In this post I will use the theoretical and empirical sampling distribution of Cohen’s *d* to show the expected overestimation due to selective publishing. I will look at the overestimation for various sample sizes when the population effect is 0, 0.2, 0.5 and 0.8. The conclusion is that you should be weary of effect sizes from small samples, and that the issue is rather with type M (magnitude) errors than type I errors. At least is clinical psychology the pervasive problem is overestimation of effects and not falsely rejecting null hypothesis. Read more

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Posts in Category **‘R’**

## Calculating the Overlap of Two Normal Distributions Using Monte Carlo Integration

I read this post over at the blog Cartesian Faith about Probability and Monte Carlo methods. The post describe how to numerically intregate using Monte Carlo methods. I thought the (…) Read more

## Creating a typical textbook illustration of statistical power using either ggplot or base graphics

A common way of illustrating the idea behind statistical power in null hypothesis significance testing, is by plotting the sampling distributions of the null hypothesis and the alternative hypothesis. Typically, these illustrations highlight the regions that correspond to making a type II error, type I error and correctly rejecting the null hypothesis (i.e. the test’s power). In this post I will show how to create such “power plots” using both ggplot and R’s base graphics.

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## Working with shapefiles, projections and world maps in ggplot

In this post I show some different examples of how to work with map projections and how to plot the maps using ggplot. Many maps that are using the default projection are shown in the longlat-format, which is far from optimal. Here I show how to use either the Robinson or Winkel Tripel projection. Read more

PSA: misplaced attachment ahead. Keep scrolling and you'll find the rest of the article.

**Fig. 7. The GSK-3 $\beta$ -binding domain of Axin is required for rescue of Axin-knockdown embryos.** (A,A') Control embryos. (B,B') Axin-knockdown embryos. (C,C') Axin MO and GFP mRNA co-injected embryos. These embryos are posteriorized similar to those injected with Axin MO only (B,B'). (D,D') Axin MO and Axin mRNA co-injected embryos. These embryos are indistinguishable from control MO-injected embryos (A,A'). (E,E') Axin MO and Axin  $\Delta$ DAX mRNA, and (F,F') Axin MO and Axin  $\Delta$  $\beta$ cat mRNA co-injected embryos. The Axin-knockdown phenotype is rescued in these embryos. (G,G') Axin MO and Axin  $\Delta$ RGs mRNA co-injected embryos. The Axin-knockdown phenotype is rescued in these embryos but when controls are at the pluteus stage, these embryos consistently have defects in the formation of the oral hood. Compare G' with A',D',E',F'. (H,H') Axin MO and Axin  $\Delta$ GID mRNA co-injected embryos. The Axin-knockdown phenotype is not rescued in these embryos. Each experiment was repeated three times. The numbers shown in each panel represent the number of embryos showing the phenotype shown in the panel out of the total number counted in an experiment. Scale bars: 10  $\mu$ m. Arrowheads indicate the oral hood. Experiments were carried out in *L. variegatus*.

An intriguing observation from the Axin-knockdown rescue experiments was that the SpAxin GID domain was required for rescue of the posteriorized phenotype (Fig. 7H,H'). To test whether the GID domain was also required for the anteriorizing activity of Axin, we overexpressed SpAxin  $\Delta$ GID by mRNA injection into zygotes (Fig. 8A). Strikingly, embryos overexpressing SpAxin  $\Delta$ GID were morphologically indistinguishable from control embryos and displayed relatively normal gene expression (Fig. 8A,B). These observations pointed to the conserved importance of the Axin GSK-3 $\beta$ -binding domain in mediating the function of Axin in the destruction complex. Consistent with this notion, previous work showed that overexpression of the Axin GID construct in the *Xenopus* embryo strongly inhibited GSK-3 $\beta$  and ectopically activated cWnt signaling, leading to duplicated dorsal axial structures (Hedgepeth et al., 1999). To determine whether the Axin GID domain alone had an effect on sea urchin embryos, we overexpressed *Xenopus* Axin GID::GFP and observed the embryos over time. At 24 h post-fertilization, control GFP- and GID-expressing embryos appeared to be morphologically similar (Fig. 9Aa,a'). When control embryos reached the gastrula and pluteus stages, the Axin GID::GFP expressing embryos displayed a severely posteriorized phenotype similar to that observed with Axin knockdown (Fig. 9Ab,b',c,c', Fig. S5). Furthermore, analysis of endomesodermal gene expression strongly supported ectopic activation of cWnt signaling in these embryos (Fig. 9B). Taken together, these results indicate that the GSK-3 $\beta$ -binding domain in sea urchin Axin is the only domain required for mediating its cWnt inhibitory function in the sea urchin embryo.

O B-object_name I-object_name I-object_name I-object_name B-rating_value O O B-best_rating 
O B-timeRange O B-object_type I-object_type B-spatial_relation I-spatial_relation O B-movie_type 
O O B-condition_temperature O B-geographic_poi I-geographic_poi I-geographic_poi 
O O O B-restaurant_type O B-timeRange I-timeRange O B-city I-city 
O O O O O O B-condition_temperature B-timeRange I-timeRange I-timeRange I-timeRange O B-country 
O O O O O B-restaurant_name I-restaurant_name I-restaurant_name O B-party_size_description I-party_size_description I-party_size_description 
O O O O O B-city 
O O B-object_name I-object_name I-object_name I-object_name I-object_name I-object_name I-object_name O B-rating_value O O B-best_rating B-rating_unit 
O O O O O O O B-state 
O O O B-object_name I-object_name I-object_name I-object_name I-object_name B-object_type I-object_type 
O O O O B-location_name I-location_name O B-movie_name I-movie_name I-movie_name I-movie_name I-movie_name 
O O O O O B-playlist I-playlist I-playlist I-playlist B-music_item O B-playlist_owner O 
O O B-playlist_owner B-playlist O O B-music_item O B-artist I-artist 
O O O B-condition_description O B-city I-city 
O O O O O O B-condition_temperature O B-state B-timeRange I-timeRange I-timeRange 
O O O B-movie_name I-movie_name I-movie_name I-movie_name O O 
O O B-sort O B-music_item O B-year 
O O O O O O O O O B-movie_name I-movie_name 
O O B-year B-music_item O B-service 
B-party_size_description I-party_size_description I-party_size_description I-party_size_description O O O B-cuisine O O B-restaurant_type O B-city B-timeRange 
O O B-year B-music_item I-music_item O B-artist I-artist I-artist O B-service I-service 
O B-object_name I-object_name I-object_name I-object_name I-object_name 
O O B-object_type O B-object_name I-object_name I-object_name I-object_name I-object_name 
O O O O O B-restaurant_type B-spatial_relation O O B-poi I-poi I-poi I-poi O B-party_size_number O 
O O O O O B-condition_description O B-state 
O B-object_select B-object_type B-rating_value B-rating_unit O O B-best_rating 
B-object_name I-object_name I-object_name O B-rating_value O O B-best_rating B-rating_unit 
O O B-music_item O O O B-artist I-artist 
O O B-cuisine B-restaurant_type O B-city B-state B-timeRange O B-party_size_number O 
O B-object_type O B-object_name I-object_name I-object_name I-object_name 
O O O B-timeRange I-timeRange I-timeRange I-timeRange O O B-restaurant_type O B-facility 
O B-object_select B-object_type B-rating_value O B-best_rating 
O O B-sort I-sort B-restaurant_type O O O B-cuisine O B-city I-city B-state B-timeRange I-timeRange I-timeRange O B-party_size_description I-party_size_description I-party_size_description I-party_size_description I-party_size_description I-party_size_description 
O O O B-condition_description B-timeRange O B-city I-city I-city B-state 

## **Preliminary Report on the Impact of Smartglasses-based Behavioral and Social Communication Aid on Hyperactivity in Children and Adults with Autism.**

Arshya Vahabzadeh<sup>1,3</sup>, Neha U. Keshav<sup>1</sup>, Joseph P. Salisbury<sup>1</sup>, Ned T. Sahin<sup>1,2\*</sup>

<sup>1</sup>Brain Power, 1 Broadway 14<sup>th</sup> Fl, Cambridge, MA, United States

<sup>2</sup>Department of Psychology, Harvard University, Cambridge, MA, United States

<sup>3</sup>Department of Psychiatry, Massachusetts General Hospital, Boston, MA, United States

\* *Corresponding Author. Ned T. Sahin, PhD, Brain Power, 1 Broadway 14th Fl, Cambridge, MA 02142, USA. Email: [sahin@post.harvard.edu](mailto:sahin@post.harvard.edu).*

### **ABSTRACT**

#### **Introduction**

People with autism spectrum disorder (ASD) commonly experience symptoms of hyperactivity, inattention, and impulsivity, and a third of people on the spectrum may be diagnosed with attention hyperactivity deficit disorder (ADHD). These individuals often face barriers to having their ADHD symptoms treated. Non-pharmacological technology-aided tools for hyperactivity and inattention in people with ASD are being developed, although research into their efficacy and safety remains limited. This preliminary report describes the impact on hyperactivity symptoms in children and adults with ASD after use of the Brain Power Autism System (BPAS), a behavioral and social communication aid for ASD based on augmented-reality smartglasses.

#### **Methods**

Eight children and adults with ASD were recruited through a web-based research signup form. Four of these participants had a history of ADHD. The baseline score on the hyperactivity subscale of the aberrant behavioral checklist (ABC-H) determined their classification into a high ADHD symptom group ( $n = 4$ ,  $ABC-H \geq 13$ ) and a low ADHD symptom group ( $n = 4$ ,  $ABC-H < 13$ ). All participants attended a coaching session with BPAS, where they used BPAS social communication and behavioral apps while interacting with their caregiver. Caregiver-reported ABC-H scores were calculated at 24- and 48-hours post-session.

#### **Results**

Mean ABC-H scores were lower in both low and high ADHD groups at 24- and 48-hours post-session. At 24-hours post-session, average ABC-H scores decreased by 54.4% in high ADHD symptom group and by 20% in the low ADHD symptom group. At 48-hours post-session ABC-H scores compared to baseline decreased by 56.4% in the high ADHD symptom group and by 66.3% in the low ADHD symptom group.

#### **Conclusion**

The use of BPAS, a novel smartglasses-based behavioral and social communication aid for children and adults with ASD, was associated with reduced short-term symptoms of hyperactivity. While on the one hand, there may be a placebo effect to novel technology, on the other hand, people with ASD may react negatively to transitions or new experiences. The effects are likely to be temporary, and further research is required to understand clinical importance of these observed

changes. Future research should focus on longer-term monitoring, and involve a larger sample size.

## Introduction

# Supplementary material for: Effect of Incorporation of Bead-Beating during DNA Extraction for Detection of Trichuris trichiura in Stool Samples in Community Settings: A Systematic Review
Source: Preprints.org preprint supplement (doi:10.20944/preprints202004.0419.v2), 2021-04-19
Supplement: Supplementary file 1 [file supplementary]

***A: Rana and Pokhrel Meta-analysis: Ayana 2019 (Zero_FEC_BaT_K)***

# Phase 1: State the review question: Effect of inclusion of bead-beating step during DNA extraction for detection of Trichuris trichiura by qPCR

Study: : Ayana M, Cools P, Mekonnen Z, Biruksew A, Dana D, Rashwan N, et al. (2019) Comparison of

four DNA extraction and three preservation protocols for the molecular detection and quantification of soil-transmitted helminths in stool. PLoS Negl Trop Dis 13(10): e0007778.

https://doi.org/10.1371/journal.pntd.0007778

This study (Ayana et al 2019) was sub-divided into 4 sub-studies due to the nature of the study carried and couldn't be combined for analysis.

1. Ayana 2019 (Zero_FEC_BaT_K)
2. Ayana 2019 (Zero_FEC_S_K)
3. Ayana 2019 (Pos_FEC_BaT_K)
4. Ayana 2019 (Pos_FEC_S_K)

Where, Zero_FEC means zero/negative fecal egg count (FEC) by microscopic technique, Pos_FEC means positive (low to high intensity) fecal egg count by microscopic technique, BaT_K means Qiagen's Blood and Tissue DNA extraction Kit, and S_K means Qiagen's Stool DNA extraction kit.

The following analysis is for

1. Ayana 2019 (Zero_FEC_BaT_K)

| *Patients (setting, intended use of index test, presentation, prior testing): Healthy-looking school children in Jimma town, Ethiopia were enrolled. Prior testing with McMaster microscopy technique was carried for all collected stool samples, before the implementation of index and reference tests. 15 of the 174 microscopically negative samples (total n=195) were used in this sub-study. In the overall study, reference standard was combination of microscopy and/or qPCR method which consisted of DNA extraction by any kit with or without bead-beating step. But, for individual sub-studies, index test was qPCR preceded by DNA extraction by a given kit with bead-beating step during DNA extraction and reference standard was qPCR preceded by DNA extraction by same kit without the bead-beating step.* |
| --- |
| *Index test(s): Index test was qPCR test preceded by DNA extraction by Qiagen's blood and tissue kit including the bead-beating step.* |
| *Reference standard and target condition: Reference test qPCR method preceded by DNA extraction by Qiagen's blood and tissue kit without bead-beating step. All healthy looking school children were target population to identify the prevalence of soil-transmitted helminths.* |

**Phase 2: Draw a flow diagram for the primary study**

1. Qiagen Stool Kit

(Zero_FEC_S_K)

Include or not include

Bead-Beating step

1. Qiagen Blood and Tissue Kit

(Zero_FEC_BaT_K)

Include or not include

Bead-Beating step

## Analytical and simulation-based power analyses for mixed-design ANOVAs

In this post I show some R-examples on how to perform power analyses for mixed-design ANOVAs. The first example is analytical—and adapted from formulas used in G*Power (Faul et al., 2007), and the second example is a Monte Carlo simulation. Read more

## How to tell when error bars correspond to a significant p-value

Can you tell when error bars based on 95 % CIs or standard errors correspond to a significant p-value? Don’t fret if you think it’s hard, a study from 2005 showed that researchers in psychogoly, behavior neuroscience and medicine had a hard time judging when error bars from two independent groups signified a significant difference. Read more

## The Higgs boson: 5-sigma and the concept of p-values

Why are physicists talking about 5-sigma, and what’s it got to do with statistics? In this short post I’ll explain what 5-sigma is and why it’s not a measure of how certain scientist are that they’ve found the Higgs boson Read more

## Effect of sample size on the accuracy of Cohen’s d estimates (95 % CI)

When talking about confidence intervals, Jacob Cohen famously said: “I suspect that the main reason they are not reported is that they are so embarrassingly large!” (Cohen, 1994). In this post I’ll take a look at the relationship between the 95 % CI for Cohen’s *d* and it’s corresponding sample size. Read more

## PubMed publications in 2011 by 202 world countries: who’s the winner?

Which country had the most PubMed citations in 2011? To find out I used R statistical software to analyze the affiliation of 986 427 articles. Read more

## How to download complete XML records from PubMed and extract data

Yesterday I wrote an article that looked at the top 20 Cognitive Behavior Therapy journals with the most publications; today I will explain how I did it with R. Read more